A lesionectomy is an operation to remove a lesion — a damaged or abnormally functioning area — in the brain. Brain lesions include tumors, scars from a head injury or infection, abnormal blood vessels, and hematomas (a swollen area filled with blood).
Lesionectomy is the surgical removal of lesions. Its purpose is to stop epilepsy and seizures. Recovery depends on the location and size of the lesion. The surgery records a high percentage of success rate with side effects that can fade off with time.
Lesions are small structural abnormal or damaged parts of the brain. These damaged areas are relatively small. They can be scars resulting from trauma to the head like head infections, injuries, or they can be brain tumors and others such as swollen and abnormal blood vessels and hematomas (blood mass in an area of the brain). Lesions often lead to abnormal functions of the brain such as seizures, epilepsy, etc. There are two types of lesions and they include:
Congenital (Birth Defect) Lesions
These damages to the brain are malformations that occur in a baby before birth. These lesions may be:
These are lesions that are developed after birth and can result from the following:
- Vascular (venous) abnormalities such as arteriovenous malformation, angiomas, cavernous malformation.
- Cortical dysplasia, which is a result of the abnormal folding in the brain or the cellular migration that happens during the brain development of a fetus.
Lesions can be managed and treated, and this is through a surgical procedure called “lesionectomy”.
WHAT IS LESIONECTOMY?
Lesionectomy is a surgery used to remove lesions (abnormality) from the brain. The surgical procedure involves the removal of the damaged part and its surrounding brain tissue that is causing seizures. A lesionectomy can be achieved through the following methods:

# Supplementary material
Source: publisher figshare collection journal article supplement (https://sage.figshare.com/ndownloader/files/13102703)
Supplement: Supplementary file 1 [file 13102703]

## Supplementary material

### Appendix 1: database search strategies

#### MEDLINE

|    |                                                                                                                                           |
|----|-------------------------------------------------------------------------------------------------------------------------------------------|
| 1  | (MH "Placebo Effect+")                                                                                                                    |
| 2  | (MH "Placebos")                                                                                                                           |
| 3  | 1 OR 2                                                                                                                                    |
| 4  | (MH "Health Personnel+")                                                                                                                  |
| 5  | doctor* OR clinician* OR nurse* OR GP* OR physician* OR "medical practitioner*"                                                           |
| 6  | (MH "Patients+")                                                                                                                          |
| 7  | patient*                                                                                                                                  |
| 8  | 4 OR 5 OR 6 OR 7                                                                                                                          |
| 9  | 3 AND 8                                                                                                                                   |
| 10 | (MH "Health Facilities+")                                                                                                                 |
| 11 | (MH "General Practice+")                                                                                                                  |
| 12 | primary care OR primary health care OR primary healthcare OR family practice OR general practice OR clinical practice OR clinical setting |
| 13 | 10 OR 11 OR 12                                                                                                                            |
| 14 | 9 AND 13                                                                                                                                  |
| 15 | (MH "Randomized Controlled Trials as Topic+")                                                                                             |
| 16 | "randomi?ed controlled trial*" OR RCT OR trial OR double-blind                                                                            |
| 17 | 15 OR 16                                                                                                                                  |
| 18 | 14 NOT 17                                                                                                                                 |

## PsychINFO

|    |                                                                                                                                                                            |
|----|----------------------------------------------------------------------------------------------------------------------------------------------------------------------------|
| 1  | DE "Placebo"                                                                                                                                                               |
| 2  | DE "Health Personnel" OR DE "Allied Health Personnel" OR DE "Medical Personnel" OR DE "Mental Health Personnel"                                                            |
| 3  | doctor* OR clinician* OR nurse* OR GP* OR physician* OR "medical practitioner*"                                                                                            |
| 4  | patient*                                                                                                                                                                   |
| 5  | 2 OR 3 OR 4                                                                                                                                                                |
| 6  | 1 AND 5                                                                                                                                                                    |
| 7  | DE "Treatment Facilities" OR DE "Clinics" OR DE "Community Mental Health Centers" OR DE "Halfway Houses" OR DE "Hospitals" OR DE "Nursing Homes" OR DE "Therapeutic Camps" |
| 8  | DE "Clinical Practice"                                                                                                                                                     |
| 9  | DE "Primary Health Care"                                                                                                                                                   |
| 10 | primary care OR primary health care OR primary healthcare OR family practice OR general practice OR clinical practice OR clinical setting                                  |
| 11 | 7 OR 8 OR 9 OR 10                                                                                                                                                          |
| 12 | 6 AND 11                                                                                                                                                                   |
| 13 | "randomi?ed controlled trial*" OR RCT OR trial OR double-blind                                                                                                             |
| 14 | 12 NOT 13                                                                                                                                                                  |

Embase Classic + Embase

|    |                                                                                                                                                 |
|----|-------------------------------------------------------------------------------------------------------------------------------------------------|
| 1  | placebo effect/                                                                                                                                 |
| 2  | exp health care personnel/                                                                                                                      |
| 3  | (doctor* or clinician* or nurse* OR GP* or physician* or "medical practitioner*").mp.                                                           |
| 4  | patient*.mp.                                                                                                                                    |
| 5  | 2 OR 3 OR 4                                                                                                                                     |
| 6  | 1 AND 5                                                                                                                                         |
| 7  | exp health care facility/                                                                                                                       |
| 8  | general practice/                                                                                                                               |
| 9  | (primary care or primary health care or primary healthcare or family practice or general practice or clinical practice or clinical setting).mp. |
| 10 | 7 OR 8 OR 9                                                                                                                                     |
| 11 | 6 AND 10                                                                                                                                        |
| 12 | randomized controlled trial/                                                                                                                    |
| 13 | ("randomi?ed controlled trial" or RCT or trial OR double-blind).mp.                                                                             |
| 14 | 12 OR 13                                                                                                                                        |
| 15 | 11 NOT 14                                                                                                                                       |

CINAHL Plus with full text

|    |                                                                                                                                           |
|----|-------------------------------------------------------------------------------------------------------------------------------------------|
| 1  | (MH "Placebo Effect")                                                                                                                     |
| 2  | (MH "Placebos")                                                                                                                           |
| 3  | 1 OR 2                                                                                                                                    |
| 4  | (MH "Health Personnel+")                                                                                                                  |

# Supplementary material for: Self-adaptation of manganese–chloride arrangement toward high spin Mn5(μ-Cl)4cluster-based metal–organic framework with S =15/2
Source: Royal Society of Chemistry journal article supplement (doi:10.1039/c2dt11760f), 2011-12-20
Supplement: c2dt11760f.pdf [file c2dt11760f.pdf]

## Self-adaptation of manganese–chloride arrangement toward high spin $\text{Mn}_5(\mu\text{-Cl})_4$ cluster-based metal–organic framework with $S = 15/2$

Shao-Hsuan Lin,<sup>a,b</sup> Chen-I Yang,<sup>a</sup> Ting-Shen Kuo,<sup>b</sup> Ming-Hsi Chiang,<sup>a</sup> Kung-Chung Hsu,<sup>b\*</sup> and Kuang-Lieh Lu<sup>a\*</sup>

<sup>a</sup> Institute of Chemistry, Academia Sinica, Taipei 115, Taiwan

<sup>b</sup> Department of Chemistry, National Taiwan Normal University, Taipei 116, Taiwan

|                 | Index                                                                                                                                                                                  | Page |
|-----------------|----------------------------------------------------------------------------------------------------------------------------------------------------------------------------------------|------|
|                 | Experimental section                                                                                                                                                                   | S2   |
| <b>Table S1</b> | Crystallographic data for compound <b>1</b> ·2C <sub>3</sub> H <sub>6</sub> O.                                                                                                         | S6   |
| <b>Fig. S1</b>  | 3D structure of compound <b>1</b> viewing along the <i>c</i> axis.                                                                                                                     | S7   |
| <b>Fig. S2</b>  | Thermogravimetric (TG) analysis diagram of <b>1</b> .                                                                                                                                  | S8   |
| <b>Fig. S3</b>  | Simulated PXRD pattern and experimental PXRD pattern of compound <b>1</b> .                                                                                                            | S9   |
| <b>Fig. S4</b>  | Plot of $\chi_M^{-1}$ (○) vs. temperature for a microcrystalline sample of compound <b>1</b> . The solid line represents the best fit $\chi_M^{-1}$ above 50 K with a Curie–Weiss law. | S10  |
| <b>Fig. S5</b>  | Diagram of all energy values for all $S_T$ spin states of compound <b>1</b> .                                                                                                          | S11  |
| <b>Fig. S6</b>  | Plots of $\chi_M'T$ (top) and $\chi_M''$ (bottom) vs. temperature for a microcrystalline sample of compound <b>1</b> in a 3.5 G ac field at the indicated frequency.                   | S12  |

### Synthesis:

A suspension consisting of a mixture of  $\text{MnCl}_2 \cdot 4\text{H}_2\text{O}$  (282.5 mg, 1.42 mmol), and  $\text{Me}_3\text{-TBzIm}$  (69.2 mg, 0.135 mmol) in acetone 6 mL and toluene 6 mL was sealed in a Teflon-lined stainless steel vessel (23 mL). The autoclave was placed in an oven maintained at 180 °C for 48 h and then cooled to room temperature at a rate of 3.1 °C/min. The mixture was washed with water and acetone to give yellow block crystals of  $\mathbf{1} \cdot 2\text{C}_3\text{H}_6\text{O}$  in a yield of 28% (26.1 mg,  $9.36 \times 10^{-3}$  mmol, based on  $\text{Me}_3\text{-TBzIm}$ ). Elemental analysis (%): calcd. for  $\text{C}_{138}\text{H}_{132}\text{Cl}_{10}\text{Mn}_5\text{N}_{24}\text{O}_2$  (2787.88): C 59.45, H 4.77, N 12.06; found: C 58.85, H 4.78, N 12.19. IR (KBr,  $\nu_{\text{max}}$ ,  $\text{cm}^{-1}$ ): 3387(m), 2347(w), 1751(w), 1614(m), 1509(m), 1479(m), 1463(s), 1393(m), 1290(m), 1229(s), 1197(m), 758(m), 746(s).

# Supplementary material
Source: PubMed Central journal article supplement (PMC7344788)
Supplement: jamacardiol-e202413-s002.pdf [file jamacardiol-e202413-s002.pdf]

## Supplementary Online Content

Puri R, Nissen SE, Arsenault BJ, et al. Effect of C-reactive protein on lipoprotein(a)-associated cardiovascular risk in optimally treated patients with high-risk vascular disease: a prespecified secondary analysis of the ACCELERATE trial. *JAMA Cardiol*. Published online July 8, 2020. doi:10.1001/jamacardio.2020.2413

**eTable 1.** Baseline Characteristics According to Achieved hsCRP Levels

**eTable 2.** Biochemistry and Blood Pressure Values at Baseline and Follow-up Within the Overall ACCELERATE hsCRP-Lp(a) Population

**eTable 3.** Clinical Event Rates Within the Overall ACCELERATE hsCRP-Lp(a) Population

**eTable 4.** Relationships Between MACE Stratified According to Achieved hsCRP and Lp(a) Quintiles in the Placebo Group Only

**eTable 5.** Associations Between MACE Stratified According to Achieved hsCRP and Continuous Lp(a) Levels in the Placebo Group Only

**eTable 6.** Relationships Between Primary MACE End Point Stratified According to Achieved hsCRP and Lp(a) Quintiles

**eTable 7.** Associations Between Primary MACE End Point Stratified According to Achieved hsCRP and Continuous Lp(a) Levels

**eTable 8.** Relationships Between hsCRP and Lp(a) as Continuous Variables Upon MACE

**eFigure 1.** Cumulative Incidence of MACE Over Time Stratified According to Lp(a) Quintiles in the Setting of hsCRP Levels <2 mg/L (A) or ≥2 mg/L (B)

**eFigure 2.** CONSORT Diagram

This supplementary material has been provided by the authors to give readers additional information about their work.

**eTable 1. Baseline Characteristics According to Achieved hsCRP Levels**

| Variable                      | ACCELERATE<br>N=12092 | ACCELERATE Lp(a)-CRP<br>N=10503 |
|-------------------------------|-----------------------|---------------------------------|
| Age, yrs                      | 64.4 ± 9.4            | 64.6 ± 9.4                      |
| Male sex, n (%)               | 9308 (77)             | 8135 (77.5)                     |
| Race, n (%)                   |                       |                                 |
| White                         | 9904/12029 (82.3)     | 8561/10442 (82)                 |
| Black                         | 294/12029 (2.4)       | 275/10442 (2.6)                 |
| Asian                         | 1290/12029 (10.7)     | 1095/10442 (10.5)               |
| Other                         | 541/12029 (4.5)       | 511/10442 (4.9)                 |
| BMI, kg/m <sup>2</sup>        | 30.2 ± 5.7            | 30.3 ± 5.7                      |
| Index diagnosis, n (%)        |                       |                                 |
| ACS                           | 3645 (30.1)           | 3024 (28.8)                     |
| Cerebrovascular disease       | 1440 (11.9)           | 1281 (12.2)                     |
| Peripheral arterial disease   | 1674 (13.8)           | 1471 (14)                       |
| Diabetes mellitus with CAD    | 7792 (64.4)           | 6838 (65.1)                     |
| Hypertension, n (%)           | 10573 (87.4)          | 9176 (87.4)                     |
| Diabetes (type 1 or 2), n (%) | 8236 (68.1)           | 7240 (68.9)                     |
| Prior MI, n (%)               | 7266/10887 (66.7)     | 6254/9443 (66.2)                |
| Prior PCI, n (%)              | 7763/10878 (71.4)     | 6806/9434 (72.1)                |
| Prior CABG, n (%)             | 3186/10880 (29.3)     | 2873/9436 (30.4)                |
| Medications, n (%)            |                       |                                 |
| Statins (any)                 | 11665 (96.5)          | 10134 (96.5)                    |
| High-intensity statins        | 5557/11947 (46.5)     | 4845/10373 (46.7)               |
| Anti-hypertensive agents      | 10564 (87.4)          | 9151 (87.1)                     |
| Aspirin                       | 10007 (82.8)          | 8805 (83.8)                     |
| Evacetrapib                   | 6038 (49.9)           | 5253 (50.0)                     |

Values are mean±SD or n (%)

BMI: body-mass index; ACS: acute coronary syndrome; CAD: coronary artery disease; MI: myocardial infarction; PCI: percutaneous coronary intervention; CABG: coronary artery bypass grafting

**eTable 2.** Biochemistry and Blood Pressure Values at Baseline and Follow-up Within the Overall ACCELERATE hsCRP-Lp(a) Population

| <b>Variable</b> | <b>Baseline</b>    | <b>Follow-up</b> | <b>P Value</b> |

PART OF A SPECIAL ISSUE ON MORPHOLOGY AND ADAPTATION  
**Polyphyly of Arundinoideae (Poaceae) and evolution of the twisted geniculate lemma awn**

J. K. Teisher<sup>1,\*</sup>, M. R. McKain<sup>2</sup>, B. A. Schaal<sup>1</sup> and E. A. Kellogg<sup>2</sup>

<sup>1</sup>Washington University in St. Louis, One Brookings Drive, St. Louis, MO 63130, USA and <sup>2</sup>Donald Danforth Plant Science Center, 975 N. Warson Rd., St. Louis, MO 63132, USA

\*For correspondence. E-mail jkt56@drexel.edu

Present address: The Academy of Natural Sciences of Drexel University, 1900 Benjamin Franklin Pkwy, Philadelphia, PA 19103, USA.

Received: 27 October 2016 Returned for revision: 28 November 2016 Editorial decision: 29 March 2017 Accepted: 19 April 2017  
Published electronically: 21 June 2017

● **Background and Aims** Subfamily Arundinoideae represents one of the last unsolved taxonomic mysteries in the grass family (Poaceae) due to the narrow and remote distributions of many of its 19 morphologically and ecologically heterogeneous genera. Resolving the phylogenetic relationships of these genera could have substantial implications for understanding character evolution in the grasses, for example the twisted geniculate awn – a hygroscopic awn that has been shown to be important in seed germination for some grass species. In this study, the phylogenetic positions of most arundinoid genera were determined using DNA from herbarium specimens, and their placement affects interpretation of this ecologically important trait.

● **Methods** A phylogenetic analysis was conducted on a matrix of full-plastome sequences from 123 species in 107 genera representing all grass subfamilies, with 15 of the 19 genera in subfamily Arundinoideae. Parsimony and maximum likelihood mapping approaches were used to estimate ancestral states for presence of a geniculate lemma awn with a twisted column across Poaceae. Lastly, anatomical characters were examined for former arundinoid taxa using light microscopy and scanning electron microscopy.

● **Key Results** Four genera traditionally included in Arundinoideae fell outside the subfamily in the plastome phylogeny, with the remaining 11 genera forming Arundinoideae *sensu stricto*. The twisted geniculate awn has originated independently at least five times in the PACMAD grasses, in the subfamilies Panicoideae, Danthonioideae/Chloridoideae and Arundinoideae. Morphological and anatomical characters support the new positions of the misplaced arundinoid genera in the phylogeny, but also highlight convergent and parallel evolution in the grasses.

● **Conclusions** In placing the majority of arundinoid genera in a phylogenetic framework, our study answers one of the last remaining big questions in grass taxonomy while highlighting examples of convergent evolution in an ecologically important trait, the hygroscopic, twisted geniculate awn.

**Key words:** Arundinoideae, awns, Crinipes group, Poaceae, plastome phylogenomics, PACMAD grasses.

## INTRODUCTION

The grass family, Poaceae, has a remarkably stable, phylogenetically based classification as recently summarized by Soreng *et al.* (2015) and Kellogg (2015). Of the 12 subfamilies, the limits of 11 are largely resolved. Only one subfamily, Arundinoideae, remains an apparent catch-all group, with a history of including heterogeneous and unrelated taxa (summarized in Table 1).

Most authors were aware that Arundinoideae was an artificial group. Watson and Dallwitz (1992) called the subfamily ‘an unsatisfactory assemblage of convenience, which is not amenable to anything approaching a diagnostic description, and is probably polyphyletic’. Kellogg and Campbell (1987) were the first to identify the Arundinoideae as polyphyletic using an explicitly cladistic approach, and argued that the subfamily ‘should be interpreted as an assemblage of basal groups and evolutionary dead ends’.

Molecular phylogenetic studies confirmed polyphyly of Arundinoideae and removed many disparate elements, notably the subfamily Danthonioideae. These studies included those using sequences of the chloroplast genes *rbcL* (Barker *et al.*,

A traditional surgical method that involves opening up the part of the skull where the lesion is located and using operational tools to remove the lesion.
- Trauma to the brain resulting in brain injuries.
- Brain tumors such as gangliogliomas, astrocytomas, dysembryoplastic neuroepithelial tumor (DNET)
A less invasive method that involves creating smaller openings on the brain and gaining access into the brain by using tiny surgical probes through the small burr holes in the skull. The surgical probes (endoscope and laser) are guided by MRI and are used to burn and remove the lesions.
REASONS FOR LESIONECTOMY
Lesionectomy is a surgery done for the following reasons:
- Minimally Invasive Epilepsy Method
WHO IS A CANDIDATE OF LESIONECTOMY?
Before a lesionectomy is recommended for a patient, some factors makes the patient eligible for the surgery, and they include:
- To remove brain tumors
- To remove scars from brain trauma and injuries.
- To reduce swollen and abnormal blood vessels.
- To remove hematomas, which are gathered blood mass in an area of the brain.
As a surgery, lesionectomy follows a set of procedures.
Before the Surgery,
You will have to undergo some imaging scans such as MRI and EEG to know the location of the lesion and to determine if it is the cause of seizures. After these are determined and you are declared fit and safe for lesionectomy, a date can be fixed for your surgery.
During the Surgery,
On arrival at the operation room, the area of the head (brain) to be operated on will be shaved clean of any hair. Thereafter, you will be given anesthesia to keep you in a painless state but awake. This is so that you can be told to use certain parts of your senses and body to help the doctor identify which part of your brain controls what and to make sure the surgery goes smoothly without causing harm to these parts.
The procedure “craniotomy” is carried out through the following steps will be taken:
- If the child’s epileptic condition is linked to a lesion.
- If the seizures from the lesion can no longer be controlled by medications.
- Lesionectomy can only be carried out if the lesion and the surrounding damaged brain tissues can be removed without causing harm to other areas of the brain that have vital functions such as hearing, language, memory, language, smell, etc.
- There has to be a greater chance that the child with benefit from the operation without serious complications.
After the Surgery,